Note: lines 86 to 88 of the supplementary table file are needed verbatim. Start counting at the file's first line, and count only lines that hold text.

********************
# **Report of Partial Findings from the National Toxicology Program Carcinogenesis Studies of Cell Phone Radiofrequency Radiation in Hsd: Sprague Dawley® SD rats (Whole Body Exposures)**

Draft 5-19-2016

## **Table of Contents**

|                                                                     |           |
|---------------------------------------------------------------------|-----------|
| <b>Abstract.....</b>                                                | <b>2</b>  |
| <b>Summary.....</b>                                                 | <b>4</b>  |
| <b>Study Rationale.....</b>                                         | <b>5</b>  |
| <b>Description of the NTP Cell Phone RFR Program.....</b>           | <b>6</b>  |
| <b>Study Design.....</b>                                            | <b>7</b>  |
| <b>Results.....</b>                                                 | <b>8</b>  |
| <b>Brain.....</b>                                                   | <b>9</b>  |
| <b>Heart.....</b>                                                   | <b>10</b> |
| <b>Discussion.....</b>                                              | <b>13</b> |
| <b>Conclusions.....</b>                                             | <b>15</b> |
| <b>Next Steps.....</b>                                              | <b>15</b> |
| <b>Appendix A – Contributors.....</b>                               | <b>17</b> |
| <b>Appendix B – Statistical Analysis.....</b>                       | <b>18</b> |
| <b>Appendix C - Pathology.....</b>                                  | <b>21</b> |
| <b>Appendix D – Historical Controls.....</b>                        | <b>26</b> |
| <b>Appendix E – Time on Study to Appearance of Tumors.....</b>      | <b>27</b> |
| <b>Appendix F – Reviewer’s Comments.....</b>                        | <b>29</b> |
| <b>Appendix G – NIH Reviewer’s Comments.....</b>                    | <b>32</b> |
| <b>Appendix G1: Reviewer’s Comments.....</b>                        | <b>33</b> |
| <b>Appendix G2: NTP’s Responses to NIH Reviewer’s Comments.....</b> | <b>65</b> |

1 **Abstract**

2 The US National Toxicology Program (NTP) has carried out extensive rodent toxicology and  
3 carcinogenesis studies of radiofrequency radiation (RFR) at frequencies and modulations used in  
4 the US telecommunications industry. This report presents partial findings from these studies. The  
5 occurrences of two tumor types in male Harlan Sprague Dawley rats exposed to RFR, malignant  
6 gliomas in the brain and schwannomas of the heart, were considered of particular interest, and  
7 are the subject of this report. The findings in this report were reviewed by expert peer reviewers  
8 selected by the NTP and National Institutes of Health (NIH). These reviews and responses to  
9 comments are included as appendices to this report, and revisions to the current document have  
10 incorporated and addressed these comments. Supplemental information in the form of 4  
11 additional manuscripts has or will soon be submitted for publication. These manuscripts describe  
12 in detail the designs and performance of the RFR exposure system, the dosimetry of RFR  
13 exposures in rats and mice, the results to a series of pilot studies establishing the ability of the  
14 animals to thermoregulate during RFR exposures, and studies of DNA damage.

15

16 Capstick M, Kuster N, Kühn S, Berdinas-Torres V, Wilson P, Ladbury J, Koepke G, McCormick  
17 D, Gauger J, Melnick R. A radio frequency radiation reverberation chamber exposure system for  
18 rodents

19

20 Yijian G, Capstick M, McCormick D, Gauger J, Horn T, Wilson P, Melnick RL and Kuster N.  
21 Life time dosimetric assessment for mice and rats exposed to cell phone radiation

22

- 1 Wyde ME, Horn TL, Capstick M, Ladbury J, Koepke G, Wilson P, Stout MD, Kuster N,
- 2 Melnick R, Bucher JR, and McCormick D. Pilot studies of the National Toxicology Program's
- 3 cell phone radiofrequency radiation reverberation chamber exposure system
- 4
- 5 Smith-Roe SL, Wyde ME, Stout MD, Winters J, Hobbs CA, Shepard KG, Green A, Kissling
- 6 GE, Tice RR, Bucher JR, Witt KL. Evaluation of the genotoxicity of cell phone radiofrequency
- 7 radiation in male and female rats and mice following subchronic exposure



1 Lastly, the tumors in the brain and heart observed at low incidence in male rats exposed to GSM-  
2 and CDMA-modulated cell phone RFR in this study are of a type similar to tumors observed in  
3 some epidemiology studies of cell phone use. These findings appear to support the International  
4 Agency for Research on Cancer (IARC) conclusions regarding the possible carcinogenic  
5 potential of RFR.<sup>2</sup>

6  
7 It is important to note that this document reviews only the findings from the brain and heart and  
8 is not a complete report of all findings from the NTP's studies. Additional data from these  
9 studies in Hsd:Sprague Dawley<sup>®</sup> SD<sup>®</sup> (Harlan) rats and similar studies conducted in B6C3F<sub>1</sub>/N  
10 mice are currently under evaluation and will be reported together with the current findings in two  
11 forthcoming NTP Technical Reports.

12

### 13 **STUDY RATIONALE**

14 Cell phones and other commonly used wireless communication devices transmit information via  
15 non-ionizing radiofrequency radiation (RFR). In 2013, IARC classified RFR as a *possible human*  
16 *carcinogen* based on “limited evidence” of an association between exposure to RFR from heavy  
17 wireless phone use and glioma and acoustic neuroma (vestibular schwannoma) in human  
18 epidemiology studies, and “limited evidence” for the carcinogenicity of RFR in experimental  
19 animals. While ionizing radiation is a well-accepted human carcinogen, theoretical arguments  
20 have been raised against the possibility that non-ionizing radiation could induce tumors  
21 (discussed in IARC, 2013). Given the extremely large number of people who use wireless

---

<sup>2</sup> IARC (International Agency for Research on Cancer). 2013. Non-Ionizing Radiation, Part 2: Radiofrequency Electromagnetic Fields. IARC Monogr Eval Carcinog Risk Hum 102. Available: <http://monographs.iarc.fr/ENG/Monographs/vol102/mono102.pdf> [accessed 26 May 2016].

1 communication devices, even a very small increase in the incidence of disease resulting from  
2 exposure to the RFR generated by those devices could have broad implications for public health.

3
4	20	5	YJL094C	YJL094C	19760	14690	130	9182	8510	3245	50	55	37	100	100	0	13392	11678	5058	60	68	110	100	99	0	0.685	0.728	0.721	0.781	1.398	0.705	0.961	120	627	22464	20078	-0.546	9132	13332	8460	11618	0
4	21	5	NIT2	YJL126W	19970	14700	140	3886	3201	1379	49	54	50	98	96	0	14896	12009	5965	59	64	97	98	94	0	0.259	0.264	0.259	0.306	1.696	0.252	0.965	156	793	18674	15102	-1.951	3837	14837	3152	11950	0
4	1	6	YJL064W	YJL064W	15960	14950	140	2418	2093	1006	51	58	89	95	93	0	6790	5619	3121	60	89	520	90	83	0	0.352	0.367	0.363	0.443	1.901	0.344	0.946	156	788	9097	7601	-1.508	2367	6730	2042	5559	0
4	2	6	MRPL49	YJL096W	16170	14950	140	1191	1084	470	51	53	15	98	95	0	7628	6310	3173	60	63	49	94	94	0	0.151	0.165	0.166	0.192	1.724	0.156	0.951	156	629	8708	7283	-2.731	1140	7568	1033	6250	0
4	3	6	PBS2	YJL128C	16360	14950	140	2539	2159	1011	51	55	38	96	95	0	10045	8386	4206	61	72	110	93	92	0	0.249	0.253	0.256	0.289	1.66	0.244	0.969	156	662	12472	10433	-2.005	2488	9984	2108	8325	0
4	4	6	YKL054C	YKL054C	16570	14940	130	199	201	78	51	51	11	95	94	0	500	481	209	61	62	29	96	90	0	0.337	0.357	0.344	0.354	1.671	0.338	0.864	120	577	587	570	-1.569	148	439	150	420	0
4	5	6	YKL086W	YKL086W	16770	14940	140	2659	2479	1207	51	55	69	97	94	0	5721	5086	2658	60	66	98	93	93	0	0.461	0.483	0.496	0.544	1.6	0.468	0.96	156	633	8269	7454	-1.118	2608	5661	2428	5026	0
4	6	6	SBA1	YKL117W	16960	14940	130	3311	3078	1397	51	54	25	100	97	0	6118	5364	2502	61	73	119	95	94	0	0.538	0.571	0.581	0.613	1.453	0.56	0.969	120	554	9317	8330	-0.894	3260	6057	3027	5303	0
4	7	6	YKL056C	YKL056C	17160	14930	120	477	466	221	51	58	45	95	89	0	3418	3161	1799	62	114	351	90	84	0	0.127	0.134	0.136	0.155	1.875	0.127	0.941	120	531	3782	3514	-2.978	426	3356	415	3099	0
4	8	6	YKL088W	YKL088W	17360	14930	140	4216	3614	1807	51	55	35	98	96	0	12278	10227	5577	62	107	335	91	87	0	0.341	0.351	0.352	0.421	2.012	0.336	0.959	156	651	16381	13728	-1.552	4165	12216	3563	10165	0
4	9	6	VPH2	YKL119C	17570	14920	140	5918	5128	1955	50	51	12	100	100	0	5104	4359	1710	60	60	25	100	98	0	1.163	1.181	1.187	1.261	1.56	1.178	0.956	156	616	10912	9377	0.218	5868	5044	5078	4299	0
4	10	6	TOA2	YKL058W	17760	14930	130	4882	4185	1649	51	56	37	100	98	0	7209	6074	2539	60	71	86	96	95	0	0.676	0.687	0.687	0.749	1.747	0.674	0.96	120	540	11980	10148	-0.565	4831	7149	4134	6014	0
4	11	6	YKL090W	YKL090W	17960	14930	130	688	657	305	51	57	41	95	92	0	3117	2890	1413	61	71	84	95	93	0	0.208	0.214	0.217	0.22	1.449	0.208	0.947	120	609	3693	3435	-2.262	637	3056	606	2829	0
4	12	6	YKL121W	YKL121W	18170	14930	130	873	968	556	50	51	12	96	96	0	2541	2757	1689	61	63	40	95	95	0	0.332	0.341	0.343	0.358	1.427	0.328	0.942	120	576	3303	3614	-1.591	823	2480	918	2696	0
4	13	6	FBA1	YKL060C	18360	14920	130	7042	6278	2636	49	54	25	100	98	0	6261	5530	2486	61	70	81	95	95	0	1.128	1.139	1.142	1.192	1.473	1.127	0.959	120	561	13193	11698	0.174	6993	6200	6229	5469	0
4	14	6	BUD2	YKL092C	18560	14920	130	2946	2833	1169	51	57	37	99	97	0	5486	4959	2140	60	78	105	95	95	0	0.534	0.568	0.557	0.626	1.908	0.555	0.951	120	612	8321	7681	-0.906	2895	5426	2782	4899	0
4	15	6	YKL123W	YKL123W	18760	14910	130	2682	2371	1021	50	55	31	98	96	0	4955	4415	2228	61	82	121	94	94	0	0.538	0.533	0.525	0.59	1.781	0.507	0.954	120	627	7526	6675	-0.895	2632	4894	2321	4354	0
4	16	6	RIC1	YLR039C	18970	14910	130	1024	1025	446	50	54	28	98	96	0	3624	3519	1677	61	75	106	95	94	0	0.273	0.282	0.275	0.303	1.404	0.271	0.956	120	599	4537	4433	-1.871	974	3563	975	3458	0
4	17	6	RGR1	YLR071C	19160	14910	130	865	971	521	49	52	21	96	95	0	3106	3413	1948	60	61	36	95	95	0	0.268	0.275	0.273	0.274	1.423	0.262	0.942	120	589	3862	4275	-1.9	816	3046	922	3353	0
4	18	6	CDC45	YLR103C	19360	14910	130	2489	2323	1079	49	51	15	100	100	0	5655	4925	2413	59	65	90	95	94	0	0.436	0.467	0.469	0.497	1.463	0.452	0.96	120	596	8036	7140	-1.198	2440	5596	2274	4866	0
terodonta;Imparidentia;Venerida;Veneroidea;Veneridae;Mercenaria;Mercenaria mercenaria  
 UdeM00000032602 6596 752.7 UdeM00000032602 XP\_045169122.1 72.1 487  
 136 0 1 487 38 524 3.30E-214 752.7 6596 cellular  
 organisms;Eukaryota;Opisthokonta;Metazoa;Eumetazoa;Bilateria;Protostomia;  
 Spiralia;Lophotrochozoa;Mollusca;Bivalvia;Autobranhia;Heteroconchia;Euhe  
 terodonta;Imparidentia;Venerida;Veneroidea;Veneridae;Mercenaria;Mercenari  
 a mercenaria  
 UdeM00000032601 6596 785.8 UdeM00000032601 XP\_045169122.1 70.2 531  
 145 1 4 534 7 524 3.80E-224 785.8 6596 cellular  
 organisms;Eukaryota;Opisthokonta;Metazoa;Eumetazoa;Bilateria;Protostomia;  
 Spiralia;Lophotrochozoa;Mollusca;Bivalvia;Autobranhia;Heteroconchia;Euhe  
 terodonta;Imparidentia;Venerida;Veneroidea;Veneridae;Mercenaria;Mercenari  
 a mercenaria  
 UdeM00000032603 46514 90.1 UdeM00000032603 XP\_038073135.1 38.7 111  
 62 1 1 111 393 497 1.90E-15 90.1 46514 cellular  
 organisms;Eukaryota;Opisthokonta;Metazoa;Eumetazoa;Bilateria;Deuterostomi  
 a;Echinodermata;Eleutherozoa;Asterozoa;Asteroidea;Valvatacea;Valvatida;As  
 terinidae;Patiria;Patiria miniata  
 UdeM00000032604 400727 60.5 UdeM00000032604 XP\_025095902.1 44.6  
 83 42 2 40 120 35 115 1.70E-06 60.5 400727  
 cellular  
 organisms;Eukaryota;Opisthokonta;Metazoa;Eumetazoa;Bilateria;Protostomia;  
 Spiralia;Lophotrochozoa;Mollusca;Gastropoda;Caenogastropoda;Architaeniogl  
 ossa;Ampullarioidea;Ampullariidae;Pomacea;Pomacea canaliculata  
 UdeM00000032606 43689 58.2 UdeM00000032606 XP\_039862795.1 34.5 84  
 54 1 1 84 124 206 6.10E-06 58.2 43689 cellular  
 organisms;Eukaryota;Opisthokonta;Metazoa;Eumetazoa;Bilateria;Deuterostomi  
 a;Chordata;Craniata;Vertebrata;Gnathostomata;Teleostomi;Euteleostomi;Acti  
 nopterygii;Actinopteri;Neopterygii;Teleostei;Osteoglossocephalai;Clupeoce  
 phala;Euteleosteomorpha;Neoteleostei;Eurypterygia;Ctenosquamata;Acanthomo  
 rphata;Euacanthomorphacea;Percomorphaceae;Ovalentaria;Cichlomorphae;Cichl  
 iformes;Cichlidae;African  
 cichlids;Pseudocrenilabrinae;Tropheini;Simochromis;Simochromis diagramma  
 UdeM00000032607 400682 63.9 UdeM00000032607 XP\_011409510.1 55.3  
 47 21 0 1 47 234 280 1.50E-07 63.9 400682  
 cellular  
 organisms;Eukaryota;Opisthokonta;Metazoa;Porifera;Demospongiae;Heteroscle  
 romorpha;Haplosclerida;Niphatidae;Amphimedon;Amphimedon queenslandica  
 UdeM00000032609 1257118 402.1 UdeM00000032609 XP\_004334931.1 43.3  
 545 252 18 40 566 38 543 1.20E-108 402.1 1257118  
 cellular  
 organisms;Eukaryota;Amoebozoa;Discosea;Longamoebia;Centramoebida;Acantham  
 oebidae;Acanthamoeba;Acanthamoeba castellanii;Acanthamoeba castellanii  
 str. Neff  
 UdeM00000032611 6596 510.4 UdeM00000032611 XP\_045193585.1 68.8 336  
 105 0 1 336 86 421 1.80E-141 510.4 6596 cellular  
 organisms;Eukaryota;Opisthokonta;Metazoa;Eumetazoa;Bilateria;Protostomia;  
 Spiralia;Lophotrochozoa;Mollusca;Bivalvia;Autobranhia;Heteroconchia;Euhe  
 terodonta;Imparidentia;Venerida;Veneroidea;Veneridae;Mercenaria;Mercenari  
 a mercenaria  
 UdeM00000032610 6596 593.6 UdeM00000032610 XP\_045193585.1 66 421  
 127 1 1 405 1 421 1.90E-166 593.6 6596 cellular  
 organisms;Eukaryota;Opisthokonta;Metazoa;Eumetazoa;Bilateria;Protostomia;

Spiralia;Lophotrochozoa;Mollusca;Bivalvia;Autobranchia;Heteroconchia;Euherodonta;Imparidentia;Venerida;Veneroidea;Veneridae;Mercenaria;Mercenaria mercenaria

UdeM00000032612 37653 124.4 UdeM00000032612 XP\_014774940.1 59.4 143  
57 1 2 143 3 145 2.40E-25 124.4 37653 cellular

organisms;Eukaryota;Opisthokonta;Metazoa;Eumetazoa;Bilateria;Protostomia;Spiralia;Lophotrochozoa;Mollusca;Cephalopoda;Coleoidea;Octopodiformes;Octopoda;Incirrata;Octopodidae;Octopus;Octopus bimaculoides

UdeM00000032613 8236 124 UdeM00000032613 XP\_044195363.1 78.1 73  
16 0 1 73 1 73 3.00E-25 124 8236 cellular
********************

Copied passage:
4	4	6	YKL054C	YKL054C	16570	14940	130	199	201	78	51	51	11	95	94	0	500	481	209	61	62	29	96	90	0	0.337	0.357	0.344	0.354	1.671	0.338	0.864	120	577	587	570	-1.569	148	439	150	420	0
4	5	6	YKL086W	YKL086W	16770	14940	140	2659	2479	1207	51	55	69	97	94	0	5721	5086	2658	60	66	98	93	93	0	0.461	0.483	0.496	0.544	1.6	0.468	0.96	156	633	8269	7454	-1.118	2608	5661	2428	5026	0
4	6	6	SBA1	YKL117W	16960	14940	130	3311	3078	1397	51	54	25	100	97	0	6118	5364	2502	61	73	119	95	94	0	0.538	0.571	0.581	0.613	1.453	0.56	0.969	120	554	9317	8330	-0.894	3260	6057	3027	5303	0